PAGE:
Cure All – Robert Walter
Cure All – Robert Walter, Palmetto Records PM 2132
Emphasis (on Parenthesis) – Stanton Moore Trio_, Telarc Records CD-83681_
Sometimes a change of scene is just what the doctor ordered. A few years ago, after a lengthy and successful run in San Diego, organist/pianist Robert Walter made the decision to move to New Orleans. While his move was tragically greeted by Hurricane Katrina and its brutal aftermath, it also led to a creative upswing for the funky purveyor of soul jazz. Walter was now living in the presence of several of his musical idols and was afforded the opportunity to play with many of them, often finding himself gigging in improv-heavy trios led by the legendary drummer, Johnny Vidacovich. Around the same time, Walter solidified his bond with old friend Stanton Moore, the one-time prized pupil of Vidacovich, as Moore successfully recorded and toured in a trio with Walter and guitarist Wil Bernard. Suddenly, the man behind the keys for the Greyboy All-Stars found himself in demand in his new hometown. Now two fine albums featuring Walter in a trio format have just been released, and each album proves to be an excellent depiction of New Orleans' influence on Robert Walter and vice-versa.
Walter's own Cure All enlists Vidacovich and the very talented upright bassist James Singleton for its low-down, dirty stroll through a wide spectrum of varied and grooving compositions. The opening "Snakes and Spiders" is a heavy, lead-footed strut and familiar turf for Walter, while "Money Changes" allows Vidacovich to alternate between graceful swinging and a tight Latin samba. It’s not often that one hears Walter on a baby grand, but this track is probably some of his finest and most varied work on the pearly 88s. The title cut is the kind of thick, deep-rooted, sand-in-your-pants style funk that one expects from Walter’s thumping Hammond, and in listening to the nasty main groove, it’s quite evident that the apple doesn’t fall far from the tree when you’re comparing the rhythms of prot Stanton Moore and mentor Johnny Vidacovich. Walter oddly re-casts the reggae classic "Rivers of Babylon" as a straight, old-time spiritual, and there’s a nice bit of juxtapositioning in "Maple Plank," as Vidacovich lays down an throbbing second-line beat that intertwines with and morphs around Walter’s swirling organ. The final highlight on this album of highlights, comes courtesy of "Measure Up," a tune with a wickedly playful swing feel, one that’s sure to elicit Walter’s trademark involuntarily joyful snarls. The highly danceable grooves on Cure All show the many sides of Robert Walter, a major talent who is somehow able to evoke musicians as diverse as Dave Brubeck, Bobby Timmons, Big John Patton, and Ramsey Lewis, while still maintaining his own sound.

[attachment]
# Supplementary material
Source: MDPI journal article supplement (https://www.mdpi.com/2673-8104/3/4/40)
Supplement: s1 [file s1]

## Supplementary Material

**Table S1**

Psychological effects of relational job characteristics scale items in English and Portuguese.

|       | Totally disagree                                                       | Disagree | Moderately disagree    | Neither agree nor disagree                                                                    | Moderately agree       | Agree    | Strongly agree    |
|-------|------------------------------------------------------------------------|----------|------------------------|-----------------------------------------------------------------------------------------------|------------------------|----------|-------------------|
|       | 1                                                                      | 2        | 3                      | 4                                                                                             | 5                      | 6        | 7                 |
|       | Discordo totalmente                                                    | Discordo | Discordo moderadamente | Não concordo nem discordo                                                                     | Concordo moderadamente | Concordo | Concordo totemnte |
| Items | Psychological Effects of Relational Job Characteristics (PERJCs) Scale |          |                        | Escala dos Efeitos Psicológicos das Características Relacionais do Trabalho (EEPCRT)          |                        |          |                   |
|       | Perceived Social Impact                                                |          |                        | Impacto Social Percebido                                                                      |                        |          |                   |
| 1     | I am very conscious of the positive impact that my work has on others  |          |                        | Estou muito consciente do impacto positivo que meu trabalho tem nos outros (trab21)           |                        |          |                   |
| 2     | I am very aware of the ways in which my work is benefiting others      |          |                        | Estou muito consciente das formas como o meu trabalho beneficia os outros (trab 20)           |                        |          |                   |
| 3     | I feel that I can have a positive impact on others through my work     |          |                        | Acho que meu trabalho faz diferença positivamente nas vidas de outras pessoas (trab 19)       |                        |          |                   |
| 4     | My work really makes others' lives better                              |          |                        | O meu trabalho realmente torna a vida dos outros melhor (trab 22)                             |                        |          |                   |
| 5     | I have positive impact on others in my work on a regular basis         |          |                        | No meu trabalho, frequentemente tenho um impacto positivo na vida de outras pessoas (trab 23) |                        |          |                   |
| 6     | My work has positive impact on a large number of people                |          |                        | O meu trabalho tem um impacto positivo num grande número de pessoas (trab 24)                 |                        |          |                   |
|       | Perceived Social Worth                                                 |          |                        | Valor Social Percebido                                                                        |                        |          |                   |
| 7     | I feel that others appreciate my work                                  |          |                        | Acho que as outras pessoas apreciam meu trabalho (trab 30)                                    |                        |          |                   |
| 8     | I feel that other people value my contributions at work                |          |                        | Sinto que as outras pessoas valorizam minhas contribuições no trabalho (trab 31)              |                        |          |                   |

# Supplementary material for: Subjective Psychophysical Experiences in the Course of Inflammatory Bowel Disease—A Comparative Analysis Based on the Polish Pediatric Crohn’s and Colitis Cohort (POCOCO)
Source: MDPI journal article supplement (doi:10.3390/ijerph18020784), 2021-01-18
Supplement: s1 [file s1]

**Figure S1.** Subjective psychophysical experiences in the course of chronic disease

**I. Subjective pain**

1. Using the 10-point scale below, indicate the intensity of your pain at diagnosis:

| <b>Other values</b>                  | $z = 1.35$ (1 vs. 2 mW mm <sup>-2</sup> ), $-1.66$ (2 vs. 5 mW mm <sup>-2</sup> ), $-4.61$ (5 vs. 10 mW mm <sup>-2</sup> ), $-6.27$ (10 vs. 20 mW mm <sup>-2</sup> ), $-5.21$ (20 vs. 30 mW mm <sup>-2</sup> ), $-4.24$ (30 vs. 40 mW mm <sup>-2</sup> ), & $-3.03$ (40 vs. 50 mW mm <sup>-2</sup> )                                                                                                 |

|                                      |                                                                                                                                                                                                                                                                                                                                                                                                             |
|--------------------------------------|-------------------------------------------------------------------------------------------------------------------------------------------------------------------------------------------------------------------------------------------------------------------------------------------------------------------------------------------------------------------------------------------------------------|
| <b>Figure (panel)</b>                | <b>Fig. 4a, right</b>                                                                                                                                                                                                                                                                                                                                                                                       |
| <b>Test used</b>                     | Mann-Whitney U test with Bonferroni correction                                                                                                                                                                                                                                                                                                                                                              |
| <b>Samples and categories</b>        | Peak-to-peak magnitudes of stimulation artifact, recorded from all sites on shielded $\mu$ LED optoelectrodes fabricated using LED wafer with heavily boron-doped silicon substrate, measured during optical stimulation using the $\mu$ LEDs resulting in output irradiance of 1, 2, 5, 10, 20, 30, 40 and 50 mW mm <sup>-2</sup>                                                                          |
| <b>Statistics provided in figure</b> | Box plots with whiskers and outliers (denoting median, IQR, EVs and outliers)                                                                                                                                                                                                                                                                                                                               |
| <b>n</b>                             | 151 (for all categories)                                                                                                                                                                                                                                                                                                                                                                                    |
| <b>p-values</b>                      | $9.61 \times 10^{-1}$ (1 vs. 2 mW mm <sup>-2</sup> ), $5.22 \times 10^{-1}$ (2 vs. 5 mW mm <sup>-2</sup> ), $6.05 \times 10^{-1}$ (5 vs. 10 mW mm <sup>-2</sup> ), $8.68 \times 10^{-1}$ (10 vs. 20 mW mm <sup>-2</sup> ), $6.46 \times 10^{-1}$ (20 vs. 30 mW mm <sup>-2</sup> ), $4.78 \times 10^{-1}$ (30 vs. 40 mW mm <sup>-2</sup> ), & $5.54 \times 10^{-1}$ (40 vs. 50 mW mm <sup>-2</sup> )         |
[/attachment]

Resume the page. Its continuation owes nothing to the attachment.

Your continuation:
The Stanton Moore Trio's Emphasis (on parenthesis) requires a few listens before it can be fully appreciated. While it lacks the rangy variety of Cure All, the mere fact that Stanton Moore, Robert Walter, and Wil Bernard have already recorded a previous album and have had a few successful tours together enables them with a sense of familiarity and a clear mission. Moore doesn’t waste time exploring new terrain with this unit; rather he lasers in on a dark and heavy funk theme, and every track on the very cohesive album remains nestled within that realm. The trio’s fondness for heavy metal is evident in both the weighty "(Proper) Gander" and the intense "(Who Ate the) Layer Cake," while there is an air of mystery that surrounds "Wissions (of Vu)," which was created as a dissection of a Wu Tang Clan original. "Over (Compensatin’)" is certainly the pinnacle of this album, thanks to the highly addictive grooves of its early Meters-inspired strut. Everyone shines on this gem, but Bernard takes the cake with a devilishly raunchy solo. Speaking of raunchy, Moore creates a filthy, slinking backbeat and Walter and Bernard gamely fall in line on "(I Have) Super Strength," which sounds as though it could have been ripped from the soundtrack of any late-night movie on Cinemax. Throughout the entire album, Moore remains fixated on his signature thunderous beats cloaked in darkness, giving the record a very sinister intensity.
While Walter's work in Cure All finds him dancing all over the stylistic map, his efforts in Emphasis (on parenthesis) are focused and precise. Having to provide the bassline in the Stanton Moore Trio restricts his ability to roam, but it also forces him to narrow his sights and hone in on those dark and rumbling grooves. Each album displays a different side of Robert Walter, and each is ripe with merits. By the same token, fans of either Johnny Vidacovich or Stanton Moore can hear plenty of intersection between the unique beats of teacher and student. Thus, it’s a fortunate confluence events that finds both Cure All and Emphasis (on parenthesis) being released at the same time, and fans of Robert Walter, Stanton Moore, or Johnny Vidacovich would be well advised to pick up both albums.